A Classic Dessert for Canada Day


To celebrate Canada Day, we’re featuring a guest post by Ontario, Canada-based blogger and cookbook author Tara O’Brady of Seven Spoons, who shares a classic Canadian dessert recipe.


Seven Spoons Cover


For those of you who don’t know, Canada Day is Canada’s birthday. To be precise, this July 1st is Canada’s 148th birthday. The day is the anniversary of the signing of the British North America Act, which unified three colonies within the British Empire into four provinces – Ontario, Québec, Nova Scotia and New Brunswick – united as the Dominion of Canada. The country grew and was reorganized to 10 provinces and three territories, and with Canada’s patriation in 1982, the act was renamed the Constitution Act, 1867.


As for the celebration of Canada Day, think of the 4th of July, but without the blue in the decorations. There are parades and block parties. People barbecue and paint maple leaves on their faces. It is almost a rite of citizenship to visit Ottawa to experience the day in our capital, up on Parliament Hill. Canada Day is about celebrating where we’re from and where we are going.


There’s no set menu per se; you’ll come across everything from ribs to burgers and hotdogs to pig roasts and crab boils. It’s a time when carnivals spring up, and thus an equal chance you’ll be eating cotton candy and Beaver Tails (fried dough dusted with cinnamon sugar).


This year for dessert, since we’re in the thick of strawberry season, I am tempted to make a simple cheesecake draped in pickled strawberries, but the butter tart pie is also a family favourite, and a Canadian classic.


The difference between a Canadian butter tart and an American pecan pie is elusive but intrinsic. Butter tarts are as common as doughnuts (maybe more so where I live), available not only at the grocery store but at the corner store as well, in factory-made and house-made offerings.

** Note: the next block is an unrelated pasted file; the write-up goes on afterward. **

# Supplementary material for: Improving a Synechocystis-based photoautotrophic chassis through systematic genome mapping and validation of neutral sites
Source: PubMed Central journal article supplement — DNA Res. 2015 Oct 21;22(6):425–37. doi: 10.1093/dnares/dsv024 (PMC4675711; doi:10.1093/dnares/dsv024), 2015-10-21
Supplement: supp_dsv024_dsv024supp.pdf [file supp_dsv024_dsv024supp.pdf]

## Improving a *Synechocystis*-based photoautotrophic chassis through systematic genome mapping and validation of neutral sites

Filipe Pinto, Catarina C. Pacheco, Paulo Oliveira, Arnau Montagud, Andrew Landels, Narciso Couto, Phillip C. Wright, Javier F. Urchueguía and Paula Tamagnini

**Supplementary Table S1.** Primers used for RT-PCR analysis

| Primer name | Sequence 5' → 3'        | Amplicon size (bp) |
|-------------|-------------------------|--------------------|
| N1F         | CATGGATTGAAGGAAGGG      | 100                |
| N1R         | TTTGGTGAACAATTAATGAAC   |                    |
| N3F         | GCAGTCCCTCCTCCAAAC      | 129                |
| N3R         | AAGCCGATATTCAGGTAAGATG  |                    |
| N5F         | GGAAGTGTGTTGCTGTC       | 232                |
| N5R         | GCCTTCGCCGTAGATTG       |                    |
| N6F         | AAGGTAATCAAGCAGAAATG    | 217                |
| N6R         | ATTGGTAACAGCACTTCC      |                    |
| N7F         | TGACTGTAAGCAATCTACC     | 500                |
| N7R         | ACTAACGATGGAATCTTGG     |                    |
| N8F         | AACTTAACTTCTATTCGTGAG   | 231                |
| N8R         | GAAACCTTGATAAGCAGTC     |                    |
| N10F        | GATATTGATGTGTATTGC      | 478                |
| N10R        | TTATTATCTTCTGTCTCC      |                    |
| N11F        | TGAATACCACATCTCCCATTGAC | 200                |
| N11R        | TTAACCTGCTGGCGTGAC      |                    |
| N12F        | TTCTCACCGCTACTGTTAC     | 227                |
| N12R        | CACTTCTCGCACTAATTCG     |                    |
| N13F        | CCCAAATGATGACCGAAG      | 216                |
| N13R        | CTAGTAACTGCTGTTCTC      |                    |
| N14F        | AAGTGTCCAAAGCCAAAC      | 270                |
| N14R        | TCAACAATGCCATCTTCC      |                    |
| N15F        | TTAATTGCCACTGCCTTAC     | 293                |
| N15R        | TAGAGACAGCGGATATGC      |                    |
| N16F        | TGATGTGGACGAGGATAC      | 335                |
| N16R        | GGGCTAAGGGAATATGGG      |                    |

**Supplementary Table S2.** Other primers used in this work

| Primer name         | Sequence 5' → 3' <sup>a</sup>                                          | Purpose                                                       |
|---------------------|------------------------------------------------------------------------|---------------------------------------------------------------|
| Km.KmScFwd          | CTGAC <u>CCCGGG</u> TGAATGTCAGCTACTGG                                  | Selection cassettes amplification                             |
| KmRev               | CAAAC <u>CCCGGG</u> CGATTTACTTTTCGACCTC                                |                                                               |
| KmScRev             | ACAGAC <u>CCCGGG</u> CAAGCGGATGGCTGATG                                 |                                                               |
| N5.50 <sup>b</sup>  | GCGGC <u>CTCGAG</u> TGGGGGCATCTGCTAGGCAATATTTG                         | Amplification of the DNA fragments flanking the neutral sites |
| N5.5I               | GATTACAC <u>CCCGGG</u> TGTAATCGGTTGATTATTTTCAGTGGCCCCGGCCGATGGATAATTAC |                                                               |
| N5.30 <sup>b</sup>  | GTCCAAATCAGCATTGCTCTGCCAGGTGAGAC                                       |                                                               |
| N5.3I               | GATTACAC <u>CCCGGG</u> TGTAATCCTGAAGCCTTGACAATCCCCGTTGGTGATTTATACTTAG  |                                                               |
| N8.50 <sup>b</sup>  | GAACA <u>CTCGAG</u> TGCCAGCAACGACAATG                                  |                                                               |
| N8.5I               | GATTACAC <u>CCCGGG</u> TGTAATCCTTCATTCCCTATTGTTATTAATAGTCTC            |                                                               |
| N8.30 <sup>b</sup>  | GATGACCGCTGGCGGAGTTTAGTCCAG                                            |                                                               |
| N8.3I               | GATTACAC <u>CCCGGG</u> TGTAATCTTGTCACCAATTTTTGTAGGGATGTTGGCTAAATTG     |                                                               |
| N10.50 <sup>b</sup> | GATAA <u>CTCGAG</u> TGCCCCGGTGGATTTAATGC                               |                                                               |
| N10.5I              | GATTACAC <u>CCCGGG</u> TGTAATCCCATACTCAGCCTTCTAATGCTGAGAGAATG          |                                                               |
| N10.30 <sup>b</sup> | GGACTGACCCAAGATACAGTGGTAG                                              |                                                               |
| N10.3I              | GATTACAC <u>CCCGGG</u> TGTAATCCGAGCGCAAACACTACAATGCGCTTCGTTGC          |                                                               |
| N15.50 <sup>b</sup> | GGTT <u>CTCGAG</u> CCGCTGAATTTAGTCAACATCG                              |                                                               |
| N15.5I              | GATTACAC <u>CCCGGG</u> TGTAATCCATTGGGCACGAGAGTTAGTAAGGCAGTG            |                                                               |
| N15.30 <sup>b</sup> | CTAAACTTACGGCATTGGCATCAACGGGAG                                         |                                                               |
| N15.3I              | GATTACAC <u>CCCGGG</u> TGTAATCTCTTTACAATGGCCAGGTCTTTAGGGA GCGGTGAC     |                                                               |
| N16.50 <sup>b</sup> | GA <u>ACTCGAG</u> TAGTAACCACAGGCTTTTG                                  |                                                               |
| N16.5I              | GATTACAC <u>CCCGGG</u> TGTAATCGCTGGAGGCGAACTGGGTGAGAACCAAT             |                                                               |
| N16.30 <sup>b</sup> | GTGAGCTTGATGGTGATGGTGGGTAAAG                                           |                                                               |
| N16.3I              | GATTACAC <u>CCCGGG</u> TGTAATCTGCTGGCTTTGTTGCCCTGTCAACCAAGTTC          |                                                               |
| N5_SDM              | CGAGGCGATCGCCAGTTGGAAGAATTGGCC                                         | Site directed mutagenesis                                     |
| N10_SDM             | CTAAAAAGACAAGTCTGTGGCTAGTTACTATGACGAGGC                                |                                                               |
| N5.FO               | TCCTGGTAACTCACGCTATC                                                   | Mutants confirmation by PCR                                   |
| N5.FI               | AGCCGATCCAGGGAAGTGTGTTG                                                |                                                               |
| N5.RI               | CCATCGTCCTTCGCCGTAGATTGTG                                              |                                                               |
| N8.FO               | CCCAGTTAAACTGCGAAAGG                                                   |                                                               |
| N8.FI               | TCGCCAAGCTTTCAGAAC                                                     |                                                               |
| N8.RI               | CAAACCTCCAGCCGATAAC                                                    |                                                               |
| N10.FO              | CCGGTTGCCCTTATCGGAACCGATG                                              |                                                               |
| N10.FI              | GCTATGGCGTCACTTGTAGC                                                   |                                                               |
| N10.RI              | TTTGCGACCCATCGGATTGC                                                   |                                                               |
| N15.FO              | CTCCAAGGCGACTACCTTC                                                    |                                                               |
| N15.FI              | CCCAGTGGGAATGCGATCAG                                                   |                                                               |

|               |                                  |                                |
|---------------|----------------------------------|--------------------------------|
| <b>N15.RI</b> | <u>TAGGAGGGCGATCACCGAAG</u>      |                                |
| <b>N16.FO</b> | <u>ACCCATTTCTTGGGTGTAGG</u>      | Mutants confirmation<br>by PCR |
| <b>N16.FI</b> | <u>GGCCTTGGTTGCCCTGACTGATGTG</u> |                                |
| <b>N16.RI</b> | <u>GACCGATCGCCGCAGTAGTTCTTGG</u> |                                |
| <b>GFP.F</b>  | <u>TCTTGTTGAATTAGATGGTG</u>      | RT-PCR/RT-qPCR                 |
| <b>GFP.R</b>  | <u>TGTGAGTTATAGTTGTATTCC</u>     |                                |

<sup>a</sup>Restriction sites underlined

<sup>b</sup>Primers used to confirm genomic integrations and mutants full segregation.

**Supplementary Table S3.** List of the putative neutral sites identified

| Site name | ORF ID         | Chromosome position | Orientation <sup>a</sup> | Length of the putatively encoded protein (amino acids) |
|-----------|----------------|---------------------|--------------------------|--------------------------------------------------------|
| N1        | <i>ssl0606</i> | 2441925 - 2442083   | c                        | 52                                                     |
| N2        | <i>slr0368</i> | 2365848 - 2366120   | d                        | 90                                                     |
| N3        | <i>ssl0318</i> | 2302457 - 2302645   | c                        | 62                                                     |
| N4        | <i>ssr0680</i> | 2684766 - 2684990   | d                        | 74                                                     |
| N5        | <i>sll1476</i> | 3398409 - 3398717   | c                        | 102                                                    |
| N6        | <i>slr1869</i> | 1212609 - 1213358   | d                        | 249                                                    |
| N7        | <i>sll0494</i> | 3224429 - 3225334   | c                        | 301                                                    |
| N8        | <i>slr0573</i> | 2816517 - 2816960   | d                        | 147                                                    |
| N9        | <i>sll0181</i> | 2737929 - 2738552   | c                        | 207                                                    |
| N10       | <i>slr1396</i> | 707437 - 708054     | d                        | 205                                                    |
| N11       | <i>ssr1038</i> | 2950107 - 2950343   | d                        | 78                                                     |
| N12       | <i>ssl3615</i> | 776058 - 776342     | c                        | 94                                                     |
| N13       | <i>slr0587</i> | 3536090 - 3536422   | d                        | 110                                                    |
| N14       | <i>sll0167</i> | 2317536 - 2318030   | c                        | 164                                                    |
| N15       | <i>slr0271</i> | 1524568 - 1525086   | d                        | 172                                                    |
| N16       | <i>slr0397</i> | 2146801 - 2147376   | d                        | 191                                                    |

Butter tarts don’t necessarily have nuts. They are usually smaller than their southern relatives, baked in muffin pans with high sides that hold a lot of filling, but my version bumps up the tart to full size, as I prefer this ratio of filling to crust.


Here, the filling of brown sugar, eggs, corn syrup, butter, and vinegar comes, once again, from my husband’s family. Upon baking, the filling gets an almost honeycomb top with a gelled, glossy underneath. This particular recipe started on his mother’s side, but now his father is the tart maker around the holidays.


On my father-in-law’s dessert tray, the tarts are offered in variety: some plain, some with walnut, some with raisins and others with shredded coconut. I’ve combined and continued the themes, with sour cherries standing in for the raisins and oats for the coconut (which is not to say that those swaps are irreversible). With this lineup, there is a nice division of duties: the walnuts have a tannic interest and snap against the tooth; the oats require the molars, chewy and plain in needed abatement of the richness; the cherries’ determined sourness pushes against the thick sugars; and the malt vinegar reinforces that equilibrium.